Identification of carriers can come about in different ways. One way is to simply let individual breeding practices eventually bring carriers to light. This works reasonably well for defects of low incidence, since they are unlikely to overwhelm the population. The danger of this approach is that a single undetected carrier sire that is used widely can spread the defective gene far and wide before it is detected. Once these genes become common, reducing their incidence is a real headache.
In the case of more common or severe defects, it is possible to test for carriers more deliberately. One of the most powerful tests for genetic defects is the mating of parent to offspring. If anything weak is present it will be exposed. Unfortunately, the number of matings needed for this type of test is relatively high. To be 95 percent sure that the animal is not carrying deleterious recessives, it takes twenty-three normal offspring from daughters. To be 99 percent sure, it takes thirtyfive normal offspring. Obviously, any abnormal offspring produced at any point along the way implicates the sire as having the genes for that defect. The logic works only if the defects are genetic.
If a carrier is detected, by whatever means, then the next step needs to be pondered carefully. If selection is aimed at decreasing the number of carriers, many different routes can be taken. One method is to neuter the affected individuals as they become known, the parents of the defective individual, and all of their previous offspring. This is the most radical selection against a defect, and it effectively removes carriers from the population as they are detected as well as some noncarriers simply because, based on the law of averages, they are more likely to be carriers by virtue of their relationship to known carriers. At very low gene frequencies carriers are unlikely to be detected because they are unlikely to be mated to another (equally rare) carrier. So while the "neuter all carriers" approach will work to dramatically reduce the number of carriers in a population, it rarely completely eliminates all carriers since some slip through the cracks of the system.
Other selection plans that work against carriers are better than nothing, but less drastic than neutering all carriers. One such plan is to neuter the sire because he can spread the gene more widely than can the dam, which produces fewer offspring. Still, half of the offspring of the carrier dam will be carriers. One approach to this problem is to neuter all of her sons but allow her daughters to reproduce. About half of these will be carriers. If these are in turn used for reproduction, the carrier rate goes down to about one-fourth, although which specific fourth is uncertain without a breeding test. If excellent males are generated, an alternative to this scheme would be to test-mate them to known carrier females to determine which of the males do not carry the defective gene. Those documented as free of the gene can then be used widely and safely for breeding of animals free of the specific defect. In this way, the positive traits of the line can be continued while leaving behind the defect. The process is long and involved but well worth the effort in some circumstances.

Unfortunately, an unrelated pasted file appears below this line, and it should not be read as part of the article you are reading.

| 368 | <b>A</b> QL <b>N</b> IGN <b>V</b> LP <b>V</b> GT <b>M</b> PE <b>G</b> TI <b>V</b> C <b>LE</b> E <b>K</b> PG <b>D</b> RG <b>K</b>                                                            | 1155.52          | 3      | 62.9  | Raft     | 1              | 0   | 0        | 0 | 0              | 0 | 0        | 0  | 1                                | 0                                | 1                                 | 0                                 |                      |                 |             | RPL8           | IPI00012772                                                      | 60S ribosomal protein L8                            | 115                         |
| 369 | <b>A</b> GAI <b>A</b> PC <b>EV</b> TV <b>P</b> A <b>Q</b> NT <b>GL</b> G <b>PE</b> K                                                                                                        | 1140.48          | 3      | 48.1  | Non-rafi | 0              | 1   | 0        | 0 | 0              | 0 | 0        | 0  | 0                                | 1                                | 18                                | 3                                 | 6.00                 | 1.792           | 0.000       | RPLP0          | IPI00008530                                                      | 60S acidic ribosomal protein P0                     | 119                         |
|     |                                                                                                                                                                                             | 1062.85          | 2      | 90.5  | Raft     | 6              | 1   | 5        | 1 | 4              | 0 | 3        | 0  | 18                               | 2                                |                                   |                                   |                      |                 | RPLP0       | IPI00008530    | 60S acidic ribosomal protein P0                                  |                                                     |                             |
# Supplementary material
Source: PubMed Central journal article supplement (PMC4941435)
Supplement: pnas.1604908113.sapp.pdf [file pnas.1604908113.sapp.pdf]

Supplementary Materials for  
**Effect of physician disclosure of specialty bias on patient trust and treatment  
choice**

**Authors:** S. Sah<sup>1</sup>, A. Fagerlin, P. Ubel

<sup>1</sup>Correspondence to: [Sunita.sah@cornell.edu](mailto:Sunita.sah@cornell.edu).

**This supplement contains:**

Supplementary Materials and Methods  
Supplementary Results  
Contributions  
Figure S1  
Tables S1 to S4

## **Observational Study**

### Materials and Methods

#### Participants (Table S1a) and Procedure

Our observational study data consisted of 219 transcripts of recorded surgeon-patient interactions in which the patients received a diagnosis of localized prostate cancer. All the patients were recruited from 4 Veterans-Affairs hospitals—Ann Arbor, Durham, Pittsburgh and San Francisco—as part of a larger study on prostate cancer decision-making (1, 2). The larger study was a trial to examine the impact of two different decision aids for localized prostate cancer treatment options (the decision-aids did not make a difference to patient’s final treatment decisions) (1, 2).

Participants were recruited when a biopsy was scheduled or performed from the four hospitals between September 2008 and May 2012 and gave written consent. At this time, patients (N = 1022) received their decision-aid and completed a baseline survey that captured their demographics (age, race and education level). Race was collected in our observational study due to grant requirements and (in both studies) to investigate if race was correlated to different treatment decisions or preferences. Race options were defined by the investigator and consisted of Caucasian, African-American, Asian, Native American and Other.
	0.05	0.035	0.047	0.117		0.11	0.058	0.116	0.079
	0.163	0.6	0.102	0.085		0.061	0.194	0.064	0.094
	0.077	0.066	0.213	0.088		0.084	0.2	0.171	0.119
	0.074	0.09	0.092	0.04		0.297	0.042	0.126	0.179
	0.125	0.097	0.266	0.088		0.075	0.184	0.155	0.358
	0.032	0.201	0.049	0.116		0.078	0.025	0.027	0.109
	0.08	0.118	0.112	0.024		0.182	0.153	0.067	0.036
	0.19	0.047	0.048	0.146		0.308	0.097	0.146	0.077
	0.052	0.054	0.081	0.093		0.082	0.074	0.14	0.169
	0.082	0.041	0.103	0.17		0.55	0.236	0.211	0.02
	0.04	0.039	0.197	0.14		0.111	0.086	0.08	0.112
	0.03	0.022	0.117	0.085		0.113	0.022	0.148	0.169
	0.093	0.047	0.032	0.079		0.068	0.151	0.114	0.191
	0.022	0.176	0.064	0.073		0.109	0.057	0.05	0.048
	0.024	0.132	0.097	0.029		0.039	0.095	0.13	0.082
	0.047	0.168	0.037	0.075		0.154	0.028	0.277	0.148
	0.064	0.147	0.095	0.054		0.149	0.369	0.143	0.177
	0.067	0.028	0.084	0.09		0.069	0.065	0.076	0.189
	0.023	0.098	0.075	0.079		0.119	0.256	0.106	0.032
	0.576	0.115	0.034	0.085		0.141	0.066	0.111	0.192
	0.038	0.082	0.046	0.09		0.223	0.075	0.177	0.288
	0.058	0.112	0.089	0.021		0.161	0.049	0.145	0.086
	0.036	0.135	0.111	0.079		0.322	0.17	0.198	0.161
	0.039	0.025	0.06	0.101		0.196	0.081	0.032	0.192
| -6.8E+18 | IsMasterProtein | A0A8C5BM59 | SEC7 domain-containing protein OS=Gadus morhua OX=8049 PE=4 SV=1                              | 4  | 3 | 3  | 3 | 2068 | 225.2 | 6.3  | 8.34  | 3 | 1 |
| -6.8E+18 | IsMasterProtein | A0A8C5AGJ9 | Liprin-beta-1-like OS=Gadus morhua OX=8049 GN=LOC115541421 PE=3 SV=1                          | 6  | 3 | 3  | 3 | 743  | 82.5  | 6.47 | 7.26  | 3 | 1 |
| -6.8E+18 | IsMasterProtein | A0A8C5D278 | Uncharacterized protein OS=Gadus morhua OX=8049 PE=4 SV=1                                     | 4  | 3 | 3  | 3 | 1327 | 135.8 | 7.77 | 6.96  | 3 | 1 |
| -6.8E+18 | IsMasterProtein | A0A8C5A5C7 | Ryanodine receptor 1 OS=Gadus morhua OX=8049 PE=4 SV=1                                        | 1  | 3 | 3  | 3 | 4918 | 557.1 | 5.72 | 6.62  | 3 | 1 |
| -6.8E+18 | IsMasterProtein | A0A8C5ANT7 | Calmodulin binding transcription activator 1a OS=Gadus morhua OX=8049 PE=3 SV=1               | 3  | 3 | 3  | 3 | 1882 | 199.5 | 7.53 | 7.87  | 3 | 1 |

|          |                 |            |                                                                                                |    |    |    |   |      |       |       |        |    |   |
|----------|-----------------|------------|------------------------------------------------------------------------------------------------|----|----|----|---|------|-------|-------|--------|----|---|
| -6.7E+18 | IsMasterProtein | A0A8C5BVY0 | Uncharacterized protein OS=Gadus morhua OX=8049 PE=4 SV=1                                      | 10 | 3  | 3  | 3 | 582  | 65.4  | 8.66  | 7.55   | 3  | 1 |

A dog is the product of its genotype, or the genes in its makeup, acting in a specific environment. Its phenotype is an expression of both the genotype and the environment, that of which you can visibly see.
Four modes of inheritance cause most
genetic defects in dogs:
An autosomal or simple recessive trait results when a matched pair of genes is present on any of 38 pairs of autosomes. An autosome is a nonsex chromosome. Both parents of an affected puppy are carriers of the abnormal gene, but generally do not show the trait.
An autosomal dominant trait results when
a trait is expressed even though the pair of genes causing
Sex-linked genes can be either dominant
or recessive and always appear on the X-chromosome,
Polygenic traits are controlled by a number
of genes, each of which adds in increments to the total
In our quest for breed purity, the superior strain, and classic type, we have made a sad mess of our dogs - with unhappy, neurotic temperaments, epilepsy, blindness, deafness, immune system weakness, skin diseases, blood disorders, endocrine system malfunctions, crippling blood disorders, deliberate deformity, and often even the inability to reproduce their kind without breeder and veterinary intervention. How clever we have been!
The show ring has also been largely responsible for the decline of breed purpose, working ability and temperament in a great many breeds, notably sporting breeds, herding breeds and sleddog breeds. The quick and easy gratification of blue ribbons and gilt trophies all too readily replaces the hard work necessary to preserve and advance canine working abilities. If our dog breeds are to conform to the ideal of "a sound mind in a sound body" (as advocated by the proponents of the Advanced Registry), the fancy must find some way of ensuring that less dog-breeding takes place along the lines of least resistance and cheap gratification, so that greater attention is paid to working characteristics, temperament and trainability.